Data Center Security: Do You Really Know What Threatens You?

Data center security is more than biometric locks and regulated access. While important, these steps eliminate a very small percentage of data center outages. A report by the Ponemon Institute (commissioned by Emerson Power) identifies the most common causes of outages in data centers and their costs.

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  • Your company relies on the data center to support all company operations.
  • According to Gartner Group, you spend 2.5-3.5% of your revenue for IT-related products and services; the more tech dependent you are, the higher the percentage.
  • The average outage costs $740,357, including detection, containment and recovery, productivity and revenue losses plus business collateral damage.

As you can see, your data is critical to the life of your company. Every department is affected, and your company’s image can suffer greatly when you are down.

Causes:

Uninterruptible Power System (UPS) failure is the number one cause of data loss, accounting for 25% of all unplanned outages. The failure could be anything from a bad component to an old battery, or most likely, human error.

According to GCN, cyber-crime is now estimated to cause 22% of outages, but often a cyber-attack is traced to human error as well. My 25-plus years in the field have shown me that a combination of bad human decisions lead to the majority of outages, and that sudden component failures make up a small fraction.

Prevention:

Rule one to consider when analyzing your data/power security: How can this plan or equipment be made useless by human error? Based on this analysis, consider a complete Energy Security Audit:

  • Analyze your power infrastructure and how vulnerable it is. Check the equipment age, design and installation. Look for places where an accidental opening or closing of a switch can occur and eliminate it.
  • Evaluate the redundancy you need to maintain your systems operation.
  • Analyze your methods and procedures to be sure they will work, are understandable, and cover all the possible scenarios.
  • Keep hard copies of your methods of procedure (MOP), manuals, contact numbers and other important data near the system for fast reference. If you are having data troubles, online documents may not be accessible.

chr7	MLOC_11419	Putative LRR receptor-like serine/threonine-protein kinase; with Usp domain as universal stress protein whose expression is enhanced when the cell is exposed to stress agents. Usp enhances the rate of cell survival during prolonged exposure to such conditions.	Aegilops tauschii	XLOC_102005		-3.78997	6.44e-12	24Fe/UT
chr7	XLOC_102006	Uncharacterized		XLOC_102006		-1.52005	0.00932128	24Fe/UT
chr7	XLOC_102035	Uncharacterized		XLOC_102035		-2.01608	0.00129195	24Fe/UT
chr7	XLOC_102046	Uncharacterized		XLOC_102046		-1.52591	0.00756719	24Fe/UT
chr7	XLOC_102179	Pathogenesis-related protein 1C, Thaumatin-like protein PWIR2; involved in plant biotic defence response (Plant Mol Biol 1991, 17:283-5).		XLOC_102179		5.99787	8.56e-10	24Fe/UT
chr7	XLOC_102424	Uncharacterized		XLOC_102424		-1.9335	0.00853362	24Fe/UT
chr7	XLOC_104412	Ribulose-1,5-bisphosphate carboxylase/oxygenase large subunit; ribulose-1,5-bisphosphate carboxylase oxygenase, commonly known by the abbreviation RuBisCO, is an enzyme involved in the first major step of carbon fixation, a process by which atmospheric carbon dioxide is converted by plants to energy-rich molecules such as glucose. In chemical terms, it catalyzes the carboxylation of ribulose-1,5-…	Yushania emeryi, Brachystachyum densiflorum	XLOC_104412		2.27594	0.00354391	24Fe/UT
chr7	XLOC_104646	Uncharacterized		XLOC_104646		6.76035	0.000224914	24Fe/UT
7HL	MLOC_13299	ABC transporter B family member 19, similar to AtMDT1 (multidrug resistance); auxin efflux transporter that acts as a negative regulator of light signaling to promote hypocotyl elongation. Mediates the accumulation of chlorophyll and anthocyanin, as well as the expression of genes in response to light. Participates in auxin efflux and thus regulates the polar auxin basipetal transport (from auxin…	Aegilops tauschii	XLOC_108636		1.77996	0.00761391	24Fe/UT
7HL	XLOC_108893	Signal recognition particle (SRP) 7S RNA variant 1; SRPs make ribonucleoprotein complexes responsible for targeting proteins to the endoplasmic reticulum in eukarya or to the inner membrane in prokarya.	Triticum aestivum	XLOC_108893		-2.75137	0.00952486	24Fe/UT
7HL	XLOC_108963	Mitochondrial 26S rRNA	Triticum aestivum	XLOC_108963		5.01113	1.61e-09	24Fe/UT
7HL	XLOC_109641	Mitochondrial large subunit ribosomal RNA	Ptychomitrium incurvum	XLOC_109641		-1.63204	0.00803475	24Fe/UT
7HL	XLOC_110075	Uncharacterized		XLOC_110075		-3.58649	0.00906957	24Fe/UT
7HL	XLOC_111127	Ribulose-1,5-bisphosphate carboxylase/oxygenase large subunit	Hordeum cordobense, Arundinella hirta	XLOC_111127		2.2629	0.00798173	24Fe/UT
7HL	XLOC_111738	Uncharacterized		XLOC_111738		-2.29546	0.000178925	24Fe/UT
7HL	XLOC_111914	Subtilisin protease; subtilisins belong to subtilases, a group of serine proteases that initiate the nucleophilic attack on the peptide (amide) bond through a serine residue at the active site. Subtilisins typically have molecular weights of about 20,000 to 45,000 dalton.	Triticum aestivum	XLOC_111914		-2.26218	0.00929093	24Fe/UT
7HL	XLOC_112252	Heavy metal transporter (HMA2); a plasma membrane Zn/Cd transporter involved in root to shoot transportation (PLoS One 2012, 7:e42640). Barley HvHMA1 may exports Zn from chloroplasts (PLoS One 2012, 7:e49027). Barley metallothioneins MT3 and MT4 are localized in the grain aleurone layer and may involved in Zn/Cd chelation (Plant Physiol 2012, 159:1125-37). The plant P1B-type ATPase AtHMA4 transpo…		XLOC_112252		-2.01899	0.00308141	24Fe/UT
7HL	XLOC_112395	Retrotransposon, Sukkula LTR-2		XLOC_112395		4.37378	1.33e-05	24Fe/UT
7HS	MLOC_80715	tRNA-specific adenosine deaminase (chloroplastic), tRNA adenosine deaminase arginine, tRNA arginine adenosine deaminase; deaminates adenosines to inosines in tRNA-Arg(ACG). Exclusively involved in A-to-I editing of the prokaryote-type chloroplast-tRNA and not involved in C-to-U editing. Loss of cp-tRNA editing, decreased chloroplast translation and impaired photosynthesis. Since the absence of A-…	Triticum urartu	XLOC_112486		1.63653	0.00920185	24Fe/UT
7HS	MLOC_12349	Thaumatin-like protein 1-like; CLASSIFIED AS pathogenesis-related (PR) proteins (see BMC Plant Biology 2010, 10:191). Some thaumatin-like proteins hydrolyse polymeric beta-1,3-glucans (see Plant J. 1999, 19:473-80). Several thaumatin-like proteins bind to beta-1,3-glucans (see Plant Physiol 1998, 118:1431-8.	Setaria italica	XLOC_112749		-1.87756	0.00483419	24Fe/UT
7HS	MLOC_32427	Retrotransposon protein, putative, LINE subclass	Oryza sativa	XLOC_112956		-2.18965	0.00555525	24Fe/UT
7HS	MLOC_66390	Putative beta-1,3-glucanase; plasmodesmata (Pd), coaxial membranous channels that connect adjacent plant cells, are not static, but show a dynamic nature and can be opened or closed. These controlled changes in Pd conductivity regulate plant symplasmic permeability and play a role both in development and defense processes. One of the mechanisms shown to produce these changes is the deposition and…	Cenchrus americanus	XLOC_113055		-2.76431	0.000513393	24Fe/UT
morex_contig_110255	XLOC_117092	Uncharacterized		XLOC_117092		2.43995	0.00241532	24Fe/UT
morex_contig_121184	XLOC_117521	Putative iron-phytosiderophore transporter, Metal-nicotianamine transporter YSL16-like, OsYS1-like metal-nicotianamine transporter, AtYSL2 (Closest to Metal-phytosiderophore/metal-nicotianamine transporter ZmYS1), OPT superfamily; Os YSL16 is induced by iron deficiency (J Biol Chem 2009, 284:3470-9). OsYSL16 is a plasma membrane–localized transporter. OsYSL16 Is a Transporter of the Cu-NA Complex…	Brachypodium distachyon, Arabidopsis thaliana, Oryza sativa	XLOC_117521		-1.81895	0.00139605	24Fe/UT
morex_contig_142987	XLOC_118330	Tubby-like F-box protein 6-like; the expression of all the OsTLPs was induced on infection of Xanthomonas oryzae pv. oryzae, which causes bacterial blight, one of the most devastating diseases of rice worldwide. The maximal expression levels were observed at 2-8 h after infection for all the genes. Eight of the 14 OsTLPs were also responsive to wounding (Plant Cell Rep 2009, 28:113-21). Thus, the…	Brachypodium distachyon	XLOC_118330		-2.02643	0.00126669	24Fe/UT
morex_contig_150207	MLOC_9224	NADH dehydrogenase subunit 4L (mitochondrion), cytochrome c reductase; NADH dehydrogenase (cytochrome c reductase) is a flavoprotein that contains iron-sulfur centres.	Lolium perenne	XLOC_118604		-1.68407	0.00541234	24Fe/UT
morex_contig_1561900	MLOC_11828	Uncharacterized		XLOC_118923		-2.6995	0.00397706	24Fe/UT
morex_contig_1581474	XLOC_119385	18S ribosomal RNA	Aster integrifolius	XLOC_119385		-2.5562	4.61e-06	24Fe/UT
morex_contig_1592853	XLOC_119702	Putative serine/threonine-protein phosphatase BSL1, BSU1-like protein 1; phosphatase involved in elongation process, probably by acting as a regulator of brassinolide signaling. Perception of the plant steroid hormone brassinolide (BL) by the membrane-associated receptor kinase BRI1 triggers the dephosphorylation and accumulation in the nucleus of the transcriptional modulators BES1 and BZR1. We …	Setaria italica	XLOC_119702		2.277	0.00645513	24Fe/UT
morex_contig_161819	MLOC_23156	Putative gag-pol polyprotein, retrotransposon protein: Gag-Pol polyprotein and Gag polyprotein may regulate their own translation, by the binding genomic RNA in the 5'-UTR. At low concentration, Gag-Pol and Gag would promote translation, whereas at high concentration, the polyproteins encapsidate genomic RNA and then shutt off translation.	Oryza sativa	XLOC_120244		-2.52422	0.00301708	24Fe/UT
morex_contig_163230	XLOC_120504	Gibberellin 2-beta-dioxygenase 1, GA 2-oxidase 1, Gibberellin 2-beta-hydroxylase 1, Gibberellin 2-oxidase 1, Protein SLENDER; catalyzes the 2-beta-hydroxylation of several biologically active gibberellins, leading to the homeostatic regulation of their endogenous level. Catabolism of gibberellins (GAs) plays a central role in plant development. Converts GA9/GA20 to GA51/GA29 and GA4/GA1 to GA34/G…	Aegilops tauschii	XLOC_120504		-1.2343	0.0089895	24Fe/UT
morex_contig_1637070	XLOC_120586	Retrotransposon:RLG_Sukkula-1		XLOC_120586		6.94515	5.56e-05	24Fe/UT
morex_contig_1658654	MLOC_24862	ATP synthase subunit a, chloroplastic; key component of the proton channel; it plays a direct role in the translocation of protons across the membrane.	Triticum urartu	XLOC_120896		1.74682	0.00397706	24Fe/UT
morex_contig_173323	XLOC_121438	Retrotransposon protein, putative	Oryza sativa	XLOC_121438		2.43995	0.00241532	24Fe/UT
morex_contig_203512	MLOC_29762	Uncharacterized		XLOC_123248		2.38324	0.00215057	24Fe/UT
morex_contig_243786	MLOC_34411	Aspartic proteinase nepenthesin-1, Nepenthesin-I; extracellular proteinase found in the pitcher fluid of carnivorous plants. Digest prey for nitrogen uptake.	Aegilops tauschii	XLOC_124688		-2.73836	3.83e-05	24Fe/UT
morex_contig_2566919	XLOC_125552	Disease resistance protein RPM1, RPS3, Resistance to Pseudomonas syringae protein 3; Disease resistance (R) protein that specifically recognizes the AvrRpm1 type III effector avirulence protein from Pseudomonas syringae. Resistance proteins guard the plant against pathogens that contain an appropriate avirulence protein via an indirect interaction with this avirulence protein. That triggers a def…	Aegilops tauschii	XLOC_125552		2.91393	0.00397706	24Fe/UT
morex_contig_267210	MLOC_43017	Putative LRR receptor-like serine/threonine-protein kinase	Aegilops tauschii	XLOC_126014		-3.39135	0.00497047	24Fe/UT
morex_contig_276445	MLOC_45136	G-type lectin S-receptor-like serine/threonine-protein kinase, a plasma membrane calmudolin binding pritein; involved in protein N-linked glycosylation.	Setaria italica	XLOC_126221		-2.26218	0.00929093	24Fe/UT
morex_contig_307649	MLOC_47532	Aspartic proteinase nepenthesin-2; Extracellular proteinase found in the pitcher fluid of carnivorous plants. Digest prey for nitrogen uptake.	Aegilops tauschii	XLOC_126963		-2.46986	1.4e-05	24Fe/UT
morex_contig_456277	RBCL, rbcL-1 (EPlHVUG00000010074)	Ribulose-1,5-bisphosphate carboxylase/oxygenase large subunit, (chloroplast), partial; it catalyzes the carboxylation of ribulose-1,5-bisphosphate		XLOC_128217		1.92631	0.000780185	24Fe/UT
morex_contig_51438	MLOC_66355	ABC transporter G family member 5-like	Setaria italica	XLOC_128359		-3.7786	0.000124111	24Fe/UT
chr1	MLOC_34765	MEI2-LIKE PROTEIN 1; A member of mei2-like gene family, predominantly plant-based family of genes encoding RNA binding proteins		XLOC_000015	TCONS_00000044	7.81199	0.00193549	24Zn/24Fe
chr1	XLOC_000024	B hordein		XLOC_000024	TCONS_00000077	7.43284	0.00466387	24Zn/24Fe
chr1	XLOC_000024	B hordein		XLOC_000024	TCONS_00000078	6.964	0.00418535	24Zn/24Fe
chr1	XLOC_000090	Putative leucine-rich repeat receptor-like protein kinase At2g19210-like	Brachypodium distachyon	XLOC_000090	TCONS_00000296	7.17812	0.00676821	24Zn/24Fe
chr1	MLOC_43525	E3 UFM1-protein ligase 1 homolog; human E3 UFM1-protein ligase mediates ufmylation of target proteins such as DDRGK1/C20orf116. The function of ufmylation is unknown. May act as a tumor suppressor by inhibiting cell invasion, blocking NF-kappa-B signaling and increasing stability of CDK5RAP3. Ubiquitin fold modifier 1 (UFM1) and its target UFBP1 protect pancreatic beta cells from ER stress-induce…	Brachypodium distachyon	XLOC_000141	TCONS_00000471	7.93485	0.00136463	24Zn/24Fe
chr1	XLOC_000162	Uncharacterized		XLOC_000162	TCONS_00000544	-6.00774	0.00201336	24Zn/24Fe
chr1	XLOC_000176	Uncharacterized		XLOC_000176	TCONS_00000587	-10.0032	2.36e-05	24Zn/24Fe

• Analyze the room security. Ask yourself – does it keep unwanted people out, and are the people who have to be there controlled properly?

Critical System Maintenance

  • Make sure the technician you get is knowledgeable about your system(s).
  • Make sure they are using a written, established and agreed upon MOP to help eliminate missteps and mistakes.
  • Ensure that they perform all the needed tests, including a thermal image to look for overheating components that may fail.
  • Identify all circuit breakers, switches, battery units, UPS units, generators and other critical power gear with a unique name that you will use in all your MOPs, manuals and documentation.
  • If your batteries are old or weak, change them, and remember that replacing just one battery in an old system may do little good.
  • Schedule service when it will have the least impact on your operations.
  • Read the reports from your service company. UPS and battery reports are trending data, and variances will show where to expect problems.

Cyber Security

  • Hire a professional team with cyber security experience.
  • Look for potential points of infiltration.
  • Devise a plan for denial of service attacks.
  • Keep operational controls off public internet systems if possible.
  • Ensure that your best cyber plans are not thwarted by human error.

Monitoring

Install an energy monitor system. Most critical gear now comes with a card that can give you some information; while good, they are often proprietary and limited. A DCIM (data center infrastructure management) package is the best but can be costly, and integrating it into a proprietary network can be time consuming and problematic. A hybrid system that can monitor the required trigger points and integrate with various manufacturers is another possibility. Do a cost benefit analysis to determine your needs.

Things to monitor:

  • All environmental conditions.
  • Personnel in critical rooms.
  • UPS and/or generator operating times.
  • The temperature of batteries, server racks, UPS and other critical gear.
  • The amperage draw from the overall system, down to the individual server.
  • Water or coolant leaks in CRAC systems.

Alarms should be set up to notify the appropriate personnel immediately to help avoid a shutdown.

For other helpful tips see this piece on LinkedIn.

To ensure the security of your data, consider a complete power security audit. Unlike many  service companies, Faith Technologies  has experience in mission critical power construction, UPS and generator support, and the engineering team necessary to insure everything has an electrically sound design, is code compliant, and that best practices are used.